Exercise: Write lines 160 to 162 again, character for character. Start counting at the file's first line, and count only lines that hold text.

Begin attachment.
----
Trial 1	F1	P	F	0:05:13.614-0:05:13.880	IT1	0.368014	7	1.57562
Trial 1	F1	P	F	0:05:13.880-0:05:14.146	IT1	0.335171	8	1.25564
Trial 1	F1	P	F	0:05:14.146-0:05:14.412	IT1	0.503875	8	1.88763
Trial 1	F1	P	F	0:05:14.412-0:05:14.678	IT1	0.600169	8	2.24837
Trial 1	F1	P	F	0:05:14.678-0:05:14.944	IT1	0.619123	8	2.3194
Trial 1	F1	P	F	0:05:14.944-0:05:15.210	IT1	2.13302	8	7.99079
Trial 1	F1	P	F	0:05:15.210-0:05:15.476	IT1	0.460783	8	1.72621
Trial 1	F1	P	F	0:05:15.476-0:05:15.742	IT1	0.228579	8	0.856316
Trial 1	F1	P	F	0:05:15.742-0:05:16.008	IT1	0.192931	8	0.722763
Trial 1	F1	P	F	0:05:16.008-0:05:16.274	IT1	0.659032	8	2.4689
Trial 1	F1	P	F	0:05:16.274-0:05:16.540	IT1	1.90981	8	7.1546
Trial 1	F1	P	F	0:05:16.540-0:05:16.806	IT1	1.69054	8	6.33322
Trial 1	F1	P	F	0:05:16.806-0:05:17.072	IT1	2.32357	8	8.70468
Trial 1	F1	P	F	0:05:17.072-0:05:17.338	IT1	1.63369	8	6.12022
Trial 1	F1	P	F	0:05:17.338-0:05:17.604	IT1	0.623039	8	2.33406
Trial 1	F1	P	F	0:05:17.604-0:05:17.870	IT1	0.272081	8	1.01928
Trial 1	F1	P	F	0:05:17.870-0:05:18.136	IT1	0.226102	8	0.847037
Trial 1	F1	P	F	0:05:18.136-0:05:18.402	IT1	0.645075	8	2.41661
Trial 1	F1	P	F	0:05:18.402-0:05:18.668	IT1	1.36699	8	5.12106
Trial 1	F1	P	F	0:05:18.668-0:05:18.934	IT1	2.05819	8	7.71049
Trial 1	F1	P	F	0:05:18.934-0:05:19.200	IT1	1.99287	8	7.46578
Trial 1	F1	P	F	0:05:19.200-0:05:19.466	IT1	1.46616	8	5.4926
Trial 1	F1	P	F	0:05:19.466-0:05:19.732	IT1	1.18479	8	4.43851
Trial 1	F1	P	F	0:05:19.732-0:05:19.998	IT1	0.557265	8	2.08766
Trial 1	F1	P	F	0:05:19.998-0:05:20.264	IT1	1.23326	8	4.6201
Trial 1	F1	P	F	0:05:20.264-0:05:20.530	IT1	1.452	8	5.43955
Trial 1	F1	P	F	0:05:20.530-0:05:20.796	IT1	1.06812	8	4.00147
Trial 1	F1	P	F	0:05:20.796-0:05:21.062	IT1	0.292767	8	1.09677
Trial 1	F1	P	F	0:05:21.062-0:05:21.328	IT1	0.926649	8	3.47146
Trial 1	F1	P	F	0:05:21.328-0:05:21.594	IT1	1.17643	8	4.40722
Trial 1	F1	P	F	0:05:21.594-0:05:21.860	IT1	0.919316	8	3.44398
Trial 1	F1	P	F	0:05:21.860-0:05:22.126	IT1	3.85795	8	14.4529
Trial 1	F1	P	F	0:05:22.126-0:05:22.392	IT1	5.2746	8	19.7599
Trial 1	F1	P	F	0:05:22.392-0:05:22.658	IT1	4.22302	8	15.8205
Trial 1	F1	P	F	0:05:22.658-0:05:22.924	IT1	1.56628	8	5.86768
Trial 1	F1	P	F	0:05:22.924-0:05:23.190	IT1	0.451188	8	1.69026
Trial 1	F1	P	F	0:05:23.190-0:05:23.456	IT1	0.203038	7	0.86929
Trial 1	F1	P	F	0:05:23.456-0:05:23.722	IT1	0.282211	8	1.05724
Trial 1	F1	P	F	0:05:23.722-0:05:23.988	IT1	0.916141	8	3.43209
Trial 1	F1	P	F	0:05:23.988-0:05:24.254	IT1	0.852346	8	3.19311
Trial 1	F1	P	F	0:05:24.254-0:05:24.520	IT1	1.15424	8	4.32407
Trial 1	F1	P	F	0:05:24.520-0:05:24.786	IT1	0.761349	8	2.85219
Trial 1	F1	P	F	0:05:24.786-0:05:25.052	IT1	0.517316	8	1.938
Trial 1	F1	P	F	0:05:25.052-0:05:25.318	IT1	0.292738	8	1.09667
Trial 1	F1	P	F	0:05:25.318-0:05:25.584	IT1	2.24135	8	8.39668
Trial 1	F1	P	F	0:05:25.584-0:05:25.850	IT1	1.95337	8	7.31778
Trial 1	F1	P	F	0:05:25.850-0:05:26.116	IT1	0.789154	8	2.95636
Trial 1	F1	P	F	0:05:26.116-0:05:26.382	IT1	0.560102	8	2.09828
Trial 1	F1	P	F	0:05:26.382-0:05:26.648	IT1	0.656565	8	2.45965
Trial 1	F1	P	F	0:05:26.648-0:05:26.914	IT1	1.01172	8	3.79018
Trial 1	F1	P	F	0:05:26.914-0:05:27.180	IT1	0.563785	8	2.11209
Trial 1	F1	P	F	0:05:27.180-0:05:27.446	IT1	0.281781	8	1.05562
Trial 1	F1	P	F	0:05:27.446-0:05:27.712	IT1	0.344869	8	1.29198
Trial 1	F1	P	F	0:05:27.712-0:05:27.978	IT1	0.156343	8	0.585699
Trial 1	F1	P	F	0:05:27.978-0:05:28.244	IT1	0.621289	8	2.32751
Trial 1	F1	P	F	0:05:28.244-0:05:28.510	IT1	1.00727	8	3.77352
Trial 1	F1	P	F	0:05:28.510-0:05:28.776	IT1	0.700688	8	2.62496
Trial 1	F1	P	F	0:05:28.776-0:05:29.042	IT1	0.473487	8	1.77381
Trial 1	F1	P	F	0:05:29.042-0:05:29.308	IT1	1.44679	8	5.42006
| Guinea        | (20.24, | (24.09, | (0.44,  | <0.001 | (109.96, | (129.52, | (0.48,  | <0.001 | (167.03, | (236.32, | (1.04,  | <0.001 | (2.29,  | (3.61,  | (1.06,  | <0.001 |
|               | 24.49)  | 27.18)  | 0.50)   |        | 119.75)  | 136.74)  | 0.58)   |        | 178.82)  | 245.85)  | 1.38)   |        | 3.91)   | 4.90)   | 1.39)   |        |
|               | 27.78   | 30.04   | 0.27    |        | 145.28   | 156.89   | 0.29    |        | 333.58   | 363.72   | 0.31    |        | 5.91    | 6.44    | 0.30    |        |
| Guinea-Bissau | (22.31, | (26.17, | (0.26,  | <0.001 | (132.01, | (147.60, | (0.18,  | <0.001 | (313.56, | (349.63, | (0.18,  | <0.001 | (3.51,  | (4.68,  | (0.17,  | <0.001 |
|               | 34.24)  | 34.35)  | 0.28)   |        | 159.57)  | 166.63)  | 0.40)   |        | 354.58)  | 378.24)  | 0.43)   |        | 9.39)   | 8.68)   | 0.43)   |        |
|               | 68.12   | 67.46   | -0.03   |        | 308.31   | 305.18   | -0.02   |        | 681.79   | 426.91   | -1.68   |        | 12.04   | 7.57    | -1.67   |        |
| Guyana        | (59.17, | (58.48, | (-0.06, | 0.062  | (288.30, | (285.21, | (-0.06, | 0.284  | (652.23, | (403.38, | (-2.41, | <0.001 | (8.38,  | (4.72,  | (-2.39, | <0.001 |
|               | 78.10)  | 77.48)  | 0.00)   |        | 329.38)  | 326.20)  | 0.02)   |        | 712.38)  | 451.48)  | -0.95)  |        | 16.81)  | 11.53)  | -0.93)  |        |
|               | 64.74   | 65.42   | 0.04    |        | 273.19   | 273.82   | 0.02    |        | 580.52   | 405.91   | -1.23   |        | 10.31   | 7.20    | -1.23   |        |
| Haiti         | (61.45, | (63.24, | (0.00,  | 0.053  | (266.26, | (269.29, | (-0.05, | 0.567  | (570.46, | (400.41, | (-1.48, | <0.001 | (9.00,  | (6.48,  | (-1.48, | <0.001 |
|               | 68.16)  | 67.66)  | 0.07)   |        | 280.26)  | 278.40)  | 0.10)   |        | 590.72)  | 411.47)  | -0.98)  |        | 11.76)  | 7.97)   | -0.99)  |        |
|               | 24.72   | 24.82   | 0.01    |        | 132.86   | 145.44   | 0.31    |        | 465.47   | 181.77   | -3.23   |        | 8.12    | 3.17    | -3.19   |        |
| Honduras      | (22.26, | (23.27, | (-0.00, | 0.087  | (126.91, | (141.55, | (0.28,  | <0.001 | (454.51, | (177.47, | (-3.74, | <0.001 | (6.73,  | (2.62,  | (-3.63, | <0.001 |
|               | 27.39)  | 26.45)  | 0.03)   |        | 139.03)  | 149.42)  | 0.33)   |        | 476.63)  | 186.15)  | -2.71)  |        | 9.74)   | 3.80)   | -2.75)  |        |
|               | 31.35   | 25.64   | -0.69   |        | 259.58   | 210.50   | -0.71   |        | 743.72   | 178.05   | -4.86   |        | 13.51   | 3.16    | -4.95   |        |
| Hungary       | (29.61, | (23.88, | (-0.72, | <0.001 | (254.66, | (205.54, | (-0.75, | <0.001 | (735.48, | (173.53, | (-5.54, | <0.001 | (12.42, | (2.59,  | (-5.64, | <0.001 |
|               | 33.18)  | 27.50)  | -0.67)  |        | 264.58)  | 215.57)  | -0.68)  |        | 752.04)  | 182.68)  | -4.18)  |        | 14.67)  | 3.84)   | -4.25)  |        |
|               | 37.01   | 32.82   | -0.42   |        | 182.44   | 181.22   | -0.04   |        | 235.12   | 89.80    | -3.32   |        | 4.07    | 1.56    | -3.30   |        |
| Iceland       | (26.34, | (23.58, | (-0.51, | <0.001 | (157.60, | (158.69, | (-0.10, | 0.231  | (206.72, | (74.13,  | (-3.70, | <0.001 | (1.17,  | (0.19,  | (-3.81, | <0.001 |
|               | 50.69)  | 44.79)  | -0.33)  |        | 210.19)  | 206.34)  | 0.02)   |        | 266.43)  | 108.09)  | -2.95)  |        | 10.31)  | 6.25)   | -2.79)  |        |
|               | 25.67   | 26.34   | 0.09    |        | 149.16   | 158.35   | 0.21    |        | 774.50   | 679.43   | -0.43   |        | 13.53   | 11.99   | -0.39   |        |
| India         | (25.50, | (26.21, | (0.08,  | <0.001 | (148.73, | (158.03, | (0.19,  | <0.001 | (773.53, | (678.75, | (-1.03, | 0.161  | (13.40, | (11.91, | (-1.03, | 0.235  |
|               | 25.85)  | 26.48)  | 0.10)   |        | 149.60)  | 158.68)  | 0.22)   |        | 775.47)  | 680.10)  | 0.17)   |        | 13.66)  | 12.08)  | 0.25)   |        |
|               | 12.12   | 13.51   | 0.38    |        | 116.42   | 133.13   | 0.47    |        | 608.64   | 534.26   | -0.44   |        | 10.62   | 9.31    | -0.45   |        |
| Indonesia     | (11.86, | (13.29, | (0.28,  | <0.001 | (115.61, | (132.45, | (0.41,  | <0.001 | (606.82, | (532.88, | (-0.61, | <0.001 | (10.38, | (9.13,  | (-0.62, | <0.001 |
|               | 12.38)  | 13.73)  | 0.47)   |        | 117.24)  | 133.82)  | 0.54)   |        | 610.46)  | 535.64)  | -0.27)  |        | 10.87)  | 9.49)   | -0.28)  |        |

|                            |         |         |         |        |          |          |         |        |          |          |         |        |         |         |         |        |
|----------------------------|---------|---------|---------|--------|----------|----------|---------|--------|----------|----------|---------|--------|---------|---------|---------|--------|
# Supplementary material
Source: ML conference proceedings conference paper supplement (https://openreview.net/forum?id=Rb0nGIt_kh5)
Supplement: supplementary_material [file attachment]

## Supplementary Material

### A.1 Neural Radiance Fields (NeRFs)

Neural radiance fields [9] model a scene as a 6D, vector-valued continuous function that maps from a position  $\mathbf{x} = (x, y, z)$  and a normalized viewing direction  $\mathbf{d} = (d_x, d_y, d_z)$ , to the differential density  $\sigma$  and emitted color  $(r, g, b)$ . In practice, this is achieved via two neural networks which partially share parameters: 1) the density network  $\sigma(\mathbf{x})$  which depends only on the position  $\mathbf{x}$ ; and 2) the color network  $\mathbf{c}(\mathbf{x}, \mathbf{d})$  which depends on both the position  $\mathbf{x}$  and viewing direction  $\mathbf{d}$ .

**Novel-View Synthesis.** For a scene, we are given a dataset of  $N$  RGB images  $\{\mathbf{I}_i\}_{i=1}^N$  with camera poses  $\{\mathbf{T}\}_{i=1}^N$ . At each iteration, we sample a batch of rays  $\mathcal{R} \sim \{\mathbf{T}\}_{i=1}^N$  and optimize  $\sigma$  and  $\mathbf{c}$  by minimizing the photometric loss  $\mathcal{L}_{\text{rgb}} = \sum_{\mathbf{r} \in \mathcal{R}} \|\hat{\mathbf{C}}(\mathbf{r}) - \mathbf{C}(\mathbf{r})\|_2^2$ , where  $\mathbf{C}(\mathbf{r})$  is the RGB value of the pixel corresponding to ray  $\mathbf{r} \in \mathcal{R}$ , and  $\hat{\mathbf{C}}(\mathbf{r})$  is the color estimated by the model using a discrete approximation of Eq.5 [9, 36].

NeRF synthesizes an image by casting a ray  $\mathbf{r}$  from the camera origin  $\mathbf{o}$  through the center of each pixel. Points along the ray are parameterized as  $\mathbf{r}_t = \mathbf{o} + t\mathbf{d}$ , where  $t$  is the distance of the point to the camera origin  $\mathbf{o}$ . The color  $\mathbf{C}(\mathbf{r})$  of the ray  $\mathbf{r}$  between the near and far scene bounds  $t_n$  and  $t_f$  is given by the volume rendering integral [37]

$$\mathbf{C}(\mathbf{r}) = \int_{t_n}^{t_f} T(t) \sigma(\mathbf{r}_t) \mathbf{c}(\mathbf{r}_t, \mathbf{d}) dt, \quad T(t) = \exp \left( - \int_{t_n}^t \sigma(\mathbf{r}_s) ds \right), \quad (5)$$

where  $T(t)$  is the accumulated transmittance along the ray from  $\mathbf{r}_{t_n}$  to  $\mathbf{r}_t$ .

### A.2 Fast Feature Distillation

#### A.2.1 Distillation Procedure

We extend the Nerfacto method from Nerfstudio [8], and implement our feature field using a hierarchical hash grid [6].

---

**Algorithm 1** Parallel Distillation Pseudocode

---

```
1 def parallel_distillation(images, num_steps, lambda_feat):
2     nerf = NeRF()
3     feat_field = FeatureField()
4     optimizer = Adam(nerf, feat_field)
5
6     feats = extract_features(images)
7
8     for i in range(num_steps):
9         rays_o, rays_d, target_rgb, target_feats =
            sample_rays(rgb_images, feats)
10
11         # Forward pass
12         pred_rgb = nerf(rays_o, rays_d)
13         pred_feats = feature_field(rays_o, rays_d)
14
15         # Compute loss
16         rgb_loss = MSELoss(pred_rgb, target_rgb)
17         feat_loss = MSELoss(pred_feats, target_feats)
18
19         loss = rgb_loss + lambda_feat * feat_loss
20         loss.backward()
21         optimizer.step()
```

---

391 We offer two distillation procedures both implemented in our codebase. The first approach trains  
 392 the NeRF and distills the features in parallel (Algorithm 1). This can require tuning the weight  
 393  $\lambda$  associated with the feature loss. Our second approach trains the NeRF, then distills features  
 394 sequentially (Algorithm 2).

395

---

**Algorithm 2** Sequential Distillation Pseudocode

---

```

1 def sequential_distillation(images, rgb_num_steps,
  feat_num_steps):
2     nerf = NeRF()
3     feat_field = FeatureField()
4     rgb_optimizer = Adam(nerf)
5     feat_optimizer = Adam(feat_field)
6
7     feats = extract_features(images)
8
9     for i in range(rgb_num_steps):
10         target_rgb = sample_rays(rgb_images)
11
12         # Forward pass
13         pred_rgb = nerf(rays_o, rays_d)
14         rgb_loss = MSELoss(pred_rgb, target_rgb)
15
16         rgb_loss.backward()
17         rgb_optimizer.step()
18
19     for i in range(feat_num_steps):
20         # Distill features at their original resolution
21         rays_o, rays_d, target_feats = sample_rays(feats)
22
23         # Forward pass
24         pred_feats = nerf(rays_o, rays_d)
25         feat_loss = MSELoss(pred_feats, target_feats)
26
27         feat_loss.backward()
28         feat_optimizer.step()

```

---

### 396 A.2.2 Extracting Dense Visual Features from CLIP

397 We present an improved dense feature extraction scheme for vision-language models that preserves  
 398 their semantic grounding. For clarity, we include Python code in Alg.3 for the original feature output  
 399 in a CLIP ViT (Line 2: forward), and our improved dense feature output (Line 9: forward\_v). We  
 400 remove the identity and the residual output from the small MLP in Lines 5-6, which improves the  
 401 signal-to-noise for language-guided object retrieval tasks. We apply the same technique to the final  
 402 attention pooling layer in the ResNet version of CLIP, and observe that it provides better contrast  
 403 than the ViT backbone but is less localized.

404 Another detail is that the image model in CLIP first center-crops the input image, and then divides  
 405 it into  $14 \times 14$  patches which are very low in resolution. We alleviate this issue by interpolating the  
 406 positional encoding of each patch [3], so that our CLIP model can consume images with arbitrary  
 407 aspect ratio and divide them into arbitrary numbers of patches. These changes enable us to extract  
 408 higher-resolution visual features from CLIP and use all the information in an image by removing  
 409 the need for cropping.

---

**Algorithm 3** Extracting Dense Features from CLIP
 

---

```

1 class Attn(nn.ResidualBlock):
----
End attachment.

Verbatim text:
22
23         # Forward pass
24         pred_feats = nerf(rays_o, rays_d)